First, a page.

Following today’s tour a fellow redhead accosted me to ask questions about the church next to the Parroquia while we were in front of it. I thought it odd as I didn’t recall her being on the tour and her questions were previously addressed on the tour. Turns out she wasn’t but being someone who visited town “seven whole times” so she, obviously, didn’t need a book or tour to understand San Miguel.
But what caught my eye was another ginger approaching behind her that I was sure was on the tour and her whole aura screamed agitated. Knowing she laughed and was happy on the tour I assumed someone in her party took a tumble and she needed help.
Instead of inquiring about a doctor she prefaced our encounter with five mentions of she and I “being Americans”. My spidey senses were on full alert so I mentioned to her she can call us Americans, it won’t offend me, but don’t say that to Mexicans as they, like everyone from North and South America, is an American and don’t like the term referring only to those from the USA.
That politically correct aside was brushed off as she insisted one of my stories was the source of anti-Semitism in the States continuing to build to this day. I was baffled and asked which story. She was baffled I had no clue.
For the last two years I’ve told of St. Veronica’s link to a common household plant.
In a nutshell…Veronica is featured in the Parroquia as a large mural as an indigenous woman with a veil featuring Jesus’ face. Veronica is my favorite person in the Crucifixion story as no one knew who she was. She is called Veronica for the Latin word veil and I often think how brave she was to enter a crowd that hated Jesus at that point and make him more comfortable by wiping his face with her veil.
Veronica is the polar opposite of folks that simply watch the Crucifixion and do nothing so their legendary punishment is to show up at events of mass death, knowing death is coming, and, again, do nothing.
Their legend is an off-shot of the legend of a man that worked for Pontius Pilate, the official that condemned Jesus to death. At one point Jesus pauses to catch his breath while carrying the cross and the man egged Jesus on. Jesus, in turn, tells the man he’ll get his rest that afternoon (after death) but the man is condemned to walk forever making him the immortal Wandering Jew, whom we name the plant for that spreads so much.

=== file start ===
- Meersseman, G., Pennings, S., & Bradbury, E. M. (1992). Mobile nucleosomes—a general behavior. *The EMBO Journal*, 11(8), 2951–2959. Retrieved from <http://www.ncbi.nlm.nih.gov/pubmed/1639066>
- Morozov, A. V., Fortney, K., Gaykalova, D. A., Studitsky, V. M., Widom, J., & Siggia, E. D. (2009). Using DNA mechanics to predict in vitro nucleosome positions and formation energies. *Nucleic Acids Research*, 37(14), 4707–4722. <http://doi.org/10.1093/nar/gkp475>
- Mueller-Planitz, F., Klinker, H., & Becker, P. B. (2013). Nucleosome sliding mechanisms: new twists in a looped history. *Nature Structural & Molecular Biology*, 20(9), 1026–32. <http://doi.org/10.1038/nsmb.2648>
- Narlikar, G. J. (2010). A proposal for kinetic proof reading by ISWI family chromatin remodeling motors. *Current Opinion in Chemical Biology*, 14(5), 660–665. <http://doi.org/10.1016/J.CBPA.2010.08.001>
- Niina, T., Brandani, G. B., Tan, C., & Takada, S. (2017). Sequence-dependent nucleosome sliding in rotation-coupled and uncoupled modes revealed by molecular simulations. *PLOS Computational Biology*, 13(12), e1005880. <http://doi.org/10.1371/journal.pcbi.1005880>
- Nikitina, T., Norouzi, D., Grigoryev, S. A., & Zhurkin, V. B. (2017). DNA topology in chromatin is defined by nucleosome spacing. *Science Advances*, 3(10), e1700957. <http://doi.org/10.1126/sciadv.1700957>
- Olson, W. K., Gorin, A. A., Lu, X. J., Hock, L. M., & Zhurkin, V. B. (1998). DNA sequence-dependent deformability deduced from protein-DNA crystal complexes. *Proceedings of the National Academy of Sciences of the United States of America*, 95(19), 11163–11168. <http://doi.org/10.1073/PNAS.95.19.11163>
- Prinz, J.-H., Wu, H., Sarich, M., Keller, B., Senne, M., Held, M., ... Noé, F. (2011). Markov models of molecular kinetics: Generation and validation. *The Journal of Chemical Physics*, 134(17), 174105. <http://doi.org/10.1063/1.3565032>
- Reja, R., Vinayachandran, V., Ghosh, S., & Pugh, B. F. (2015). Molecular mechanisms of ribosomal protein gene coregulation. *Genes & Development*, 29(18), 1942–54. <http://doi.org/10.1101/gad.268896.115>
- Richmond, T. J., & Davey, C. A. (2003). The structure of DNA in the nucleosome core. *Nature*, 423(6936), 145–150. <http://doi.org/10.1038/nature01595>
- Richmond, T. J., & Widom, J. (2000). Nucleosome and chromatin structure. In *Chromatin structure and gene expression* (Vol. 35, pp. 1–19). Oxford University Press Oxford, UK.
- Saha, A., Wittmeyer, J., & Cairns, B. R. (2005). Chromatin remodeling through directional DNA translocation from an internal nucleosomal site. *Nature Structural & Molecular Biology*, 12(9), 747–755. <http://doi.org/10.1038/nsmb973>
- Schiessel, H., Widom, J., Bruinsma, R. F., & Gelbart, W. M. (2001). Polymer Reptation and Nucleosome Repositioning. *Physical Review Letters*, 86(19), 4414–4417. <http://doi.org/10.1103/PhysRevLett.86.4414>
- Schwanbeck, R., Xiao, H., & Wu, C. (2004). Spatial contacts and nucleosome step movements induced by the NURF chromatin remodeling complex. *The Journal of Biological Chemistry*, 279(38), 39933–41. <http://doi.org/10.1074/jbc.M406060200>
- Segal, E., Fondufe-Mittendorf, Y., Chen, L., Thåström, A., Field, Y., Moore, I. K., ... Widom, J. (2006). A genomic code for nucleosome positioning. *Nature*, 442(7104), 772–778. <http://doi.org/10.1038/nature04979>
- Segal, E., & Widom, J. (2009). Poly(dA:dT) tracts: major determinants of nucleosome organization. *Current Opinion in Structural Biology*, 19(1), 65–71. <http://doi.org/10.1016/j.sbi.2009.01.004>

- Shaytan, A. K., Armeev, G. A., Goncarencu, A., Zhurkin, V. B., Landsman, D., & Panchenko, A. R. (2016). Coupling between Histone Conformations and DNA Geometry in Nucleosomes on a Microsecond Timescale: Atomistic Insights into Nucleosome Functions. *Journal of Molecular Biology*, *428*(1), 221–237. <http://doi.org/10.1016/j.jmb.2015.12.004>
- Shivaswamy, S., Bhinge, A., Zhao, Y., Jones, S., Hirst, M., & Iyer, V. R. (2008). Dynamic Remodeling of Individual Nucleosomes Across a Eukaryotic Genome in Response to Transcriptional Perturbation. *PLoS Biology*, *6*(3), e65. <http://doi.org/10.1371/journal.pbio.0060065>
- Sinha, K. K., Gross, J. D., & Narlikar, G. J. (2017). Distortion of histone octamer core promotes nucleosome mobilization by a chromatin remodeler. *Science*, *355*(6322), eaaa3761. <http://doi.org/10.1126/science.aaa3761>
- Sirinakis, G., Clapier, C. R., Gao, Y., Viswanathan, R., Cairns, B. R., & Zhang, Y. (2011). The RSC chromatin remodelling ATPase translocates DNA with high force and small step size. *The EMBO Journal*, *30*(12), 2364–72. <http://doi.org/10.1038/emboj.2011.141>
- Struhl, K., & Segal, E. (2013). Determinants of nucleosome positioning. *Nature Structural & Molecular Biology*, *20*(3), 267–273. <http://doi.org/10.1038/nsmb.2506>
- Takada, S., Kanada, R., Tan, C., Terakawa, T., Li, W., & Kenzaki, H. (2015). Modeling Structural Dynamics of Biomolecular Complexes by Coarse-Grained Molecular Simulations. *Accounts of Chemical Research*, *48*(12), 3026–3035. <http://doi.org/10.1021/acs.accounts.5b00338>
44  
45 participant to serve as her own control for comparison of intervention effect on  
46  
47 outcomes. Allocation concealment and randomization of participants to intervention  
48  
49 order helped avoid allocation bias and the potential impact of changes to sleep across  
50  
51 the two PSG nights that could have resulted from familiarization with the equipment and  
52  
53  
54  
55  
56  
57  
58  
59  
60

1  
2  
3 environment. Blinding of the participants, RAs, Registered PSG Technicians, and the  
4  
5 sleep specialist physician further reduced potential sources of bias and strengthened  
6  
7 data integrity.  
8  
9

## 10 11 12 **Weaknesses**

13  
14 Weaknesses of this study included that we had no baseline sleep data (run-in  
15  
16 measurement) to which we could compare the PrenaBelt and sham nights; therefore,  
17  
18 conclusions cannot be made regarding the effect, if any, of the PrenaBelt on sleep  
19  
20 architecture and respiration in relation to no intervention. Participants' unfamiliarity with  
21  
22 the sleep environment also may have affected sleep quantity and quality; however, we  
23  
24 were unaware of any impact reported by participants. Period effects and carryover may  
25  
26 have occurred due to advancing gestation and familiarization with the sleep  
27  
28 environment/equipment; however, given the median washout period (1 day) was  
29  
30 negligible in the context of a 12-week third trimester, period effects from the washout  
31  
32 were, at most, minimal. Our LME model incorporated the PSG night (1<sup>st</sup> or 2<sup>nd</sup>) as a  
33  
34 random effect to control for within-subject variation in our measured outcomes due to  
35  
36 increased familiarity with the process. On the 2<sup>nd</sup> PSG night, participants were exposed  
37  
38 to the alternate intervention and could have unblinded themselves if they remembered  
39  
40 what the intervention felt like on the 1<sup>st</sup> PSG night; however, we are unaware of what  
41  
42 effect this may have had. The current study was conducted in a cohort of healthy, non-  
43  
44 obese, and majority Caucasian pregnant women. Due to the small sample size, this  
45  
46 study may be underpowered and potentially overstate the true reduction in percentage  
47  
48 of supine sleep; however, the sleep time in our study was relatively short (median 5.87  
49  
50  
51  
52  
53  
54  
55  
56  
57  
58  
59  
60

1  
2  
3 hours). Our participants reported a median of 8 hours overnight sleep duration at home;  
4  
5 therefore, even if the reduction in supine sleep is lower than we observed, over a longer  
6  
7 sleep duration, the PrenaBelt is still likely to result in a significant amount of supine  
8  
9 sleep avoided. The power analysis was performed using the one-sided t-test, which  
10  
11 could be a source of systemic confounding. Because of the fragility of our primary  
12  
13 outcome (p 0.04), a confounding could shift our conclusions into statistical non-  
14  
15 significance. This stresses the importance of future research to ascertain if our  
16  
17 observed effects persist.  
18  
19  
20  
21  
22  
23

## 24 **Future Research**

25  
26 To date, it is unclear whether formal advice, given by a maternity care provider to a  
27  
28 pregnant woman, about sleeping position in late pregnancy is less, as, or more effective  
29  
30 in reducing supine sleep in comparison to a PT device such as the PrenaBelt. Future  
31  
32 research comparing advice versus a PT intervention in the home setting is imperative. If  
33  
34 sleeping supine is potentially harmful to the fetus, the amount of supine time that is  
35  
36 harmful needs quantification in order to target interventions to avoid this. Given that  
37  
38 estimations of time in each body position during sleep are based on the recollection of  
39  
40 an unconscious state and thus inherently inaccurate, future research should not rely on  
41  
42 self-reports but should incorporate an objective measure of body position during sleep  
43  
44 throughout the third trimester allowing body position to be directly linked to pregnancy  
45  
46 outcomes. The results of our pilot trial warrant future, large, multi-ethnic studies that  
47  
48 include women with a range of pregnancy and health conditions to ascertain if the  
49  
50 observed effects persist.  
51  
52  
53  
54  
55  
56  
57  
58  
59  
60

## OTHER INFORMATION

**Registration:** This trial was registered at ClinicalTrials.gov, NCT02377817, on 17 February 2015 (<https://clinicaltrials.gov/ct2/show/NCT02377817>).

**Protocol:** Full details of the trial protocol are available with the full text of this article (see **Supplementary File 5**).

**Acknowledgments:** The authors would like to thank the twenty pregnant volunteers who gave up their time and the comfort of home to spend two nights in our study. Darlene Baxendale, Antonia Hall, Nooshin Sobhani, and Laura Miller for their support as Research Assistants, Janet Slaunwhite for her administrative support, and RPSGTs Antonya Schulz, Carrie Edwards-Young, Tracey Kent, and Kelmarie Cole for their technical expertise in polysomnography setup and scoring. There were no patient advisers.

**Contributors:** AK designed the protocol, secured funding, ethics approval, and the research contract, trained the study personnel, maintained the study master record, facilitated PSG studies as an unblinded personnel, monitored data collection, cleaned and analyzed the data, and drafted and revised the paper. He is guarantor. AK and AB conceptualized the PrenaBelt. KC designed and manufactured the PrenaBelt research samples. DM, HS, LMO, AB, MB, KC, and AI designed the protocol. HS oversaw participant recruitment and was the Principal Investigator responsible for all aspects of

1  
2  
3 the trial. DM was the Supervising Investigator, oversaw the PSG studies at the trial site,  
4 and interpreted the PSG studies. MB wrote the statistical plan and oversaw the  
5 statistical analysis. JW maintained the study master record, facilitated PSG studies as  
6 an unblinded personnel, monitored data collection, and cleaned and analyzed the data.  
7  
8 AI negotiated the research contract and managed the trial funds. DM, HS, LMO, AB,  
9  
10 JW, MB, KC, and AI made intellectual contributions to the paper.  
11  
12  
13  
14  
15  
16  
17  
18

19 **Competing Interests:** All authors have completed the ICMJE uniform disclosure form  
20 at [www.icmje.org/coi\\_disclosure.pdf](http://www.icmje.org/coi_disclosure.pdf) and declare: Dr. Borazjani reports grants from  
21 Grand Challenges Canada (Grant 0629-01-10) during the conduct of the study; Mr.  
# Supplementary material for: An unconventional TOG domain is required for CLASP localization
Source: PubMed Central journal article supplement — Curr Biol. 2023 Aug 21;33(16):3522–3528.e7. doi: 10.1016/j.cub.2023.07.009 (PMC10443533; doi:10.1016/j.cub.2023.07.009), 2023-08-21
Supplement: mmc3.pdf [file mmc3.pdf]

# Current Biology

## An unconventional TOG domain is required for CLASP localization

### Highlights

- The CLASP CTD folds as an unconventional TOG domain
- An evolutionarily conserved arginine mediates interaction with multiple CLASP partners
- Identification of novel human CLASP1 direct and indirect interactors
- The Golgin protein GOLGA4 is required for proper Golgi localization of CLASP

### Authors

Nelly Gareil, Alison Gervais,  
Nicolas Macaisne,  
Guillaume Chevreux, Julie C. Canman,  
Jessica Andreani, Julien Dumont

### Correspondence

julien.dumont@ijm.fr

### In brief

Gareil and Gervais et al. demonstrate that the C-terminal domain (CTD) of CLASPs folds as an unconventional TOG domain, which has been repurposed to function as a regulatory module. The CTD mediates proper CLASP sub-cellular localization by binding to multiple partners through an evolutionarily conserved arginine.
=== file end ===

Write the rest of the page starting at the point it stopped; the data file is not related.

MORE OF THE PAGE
I like telling this story as it is a nice mixture of female empowerment and plant life.
My former tour pelirojo insisted that since the man who keeps walking was Jewish it was a slap against Jews. I didn’t mention that everyone, as far as I know, in the Crucifixion story was Jewish or Roman. So I’d assume Veronica was Jewish too but I didn’t want to get tied down in logistics.
Now, I grew up in Catholic schools so my knowledge of the bible is scant, but if I had to pick a moment in Crucifixion story that puts Jews in a bad light it wasn’t Veronica. It was Pontius Pilate allowing the crowd to choose whom to free from prison, the serial killer, Barabbas, or Jesus, King of the Jews. The crowd of Jews went with Barabbas.
But I wasn’t going to get tied in these kind of details and the gal and I had a nice American to American chat.
Once home I purged the source of all information, the internet, to see if my silly plant story offended Jews in general.
I learned according to various rabbi written sites the term Wandering Jew refers to everything from a plant to a bird to a card game, none with conscious anti-Semitic origins. So I went a bit deeper and probed if the Bible was unfriendly to Jews.
Wow! Was that a path I never want to retrace. I’ve always felt one can study darkness intently and categorize the dark all you like and all you’re left with very well-organized darkness.
Basically, the new faith (Catholic Church) was hoping to bring Jews on over and wasn’t above speaking smack about the old faith. Good, if questionably ethical, marketing. Meanwhile, my Wandering Jews plants that line my front courtyard in their purple majesty breathed a sigh of relief knowing they were quite close to being yanked out of their pots.
I haven’t decided to tell the story again or not. Previous feedback has always been positive but I could never enjoy telling it again if I thought I could offend anyone of any, or no, faith. It defeats the entire point of what I do, explaining what folks do believe here in town affects what we foreigners see and experience even if we prefer to remain totally unaware.
Joseph Toone is the Historical Society’s short-story award winning author of the SMA Secrets book series. All books in the series are Amazon bestsellers in Mexican Travel and Holidays. Toone is SMA’s expert and TripAdvisor’s top ranked historical tour guide telling the stories behind what we do in today’s SMA. Visit HistoryAndCultureWalkingTours.com, and JosephTooneTours.com.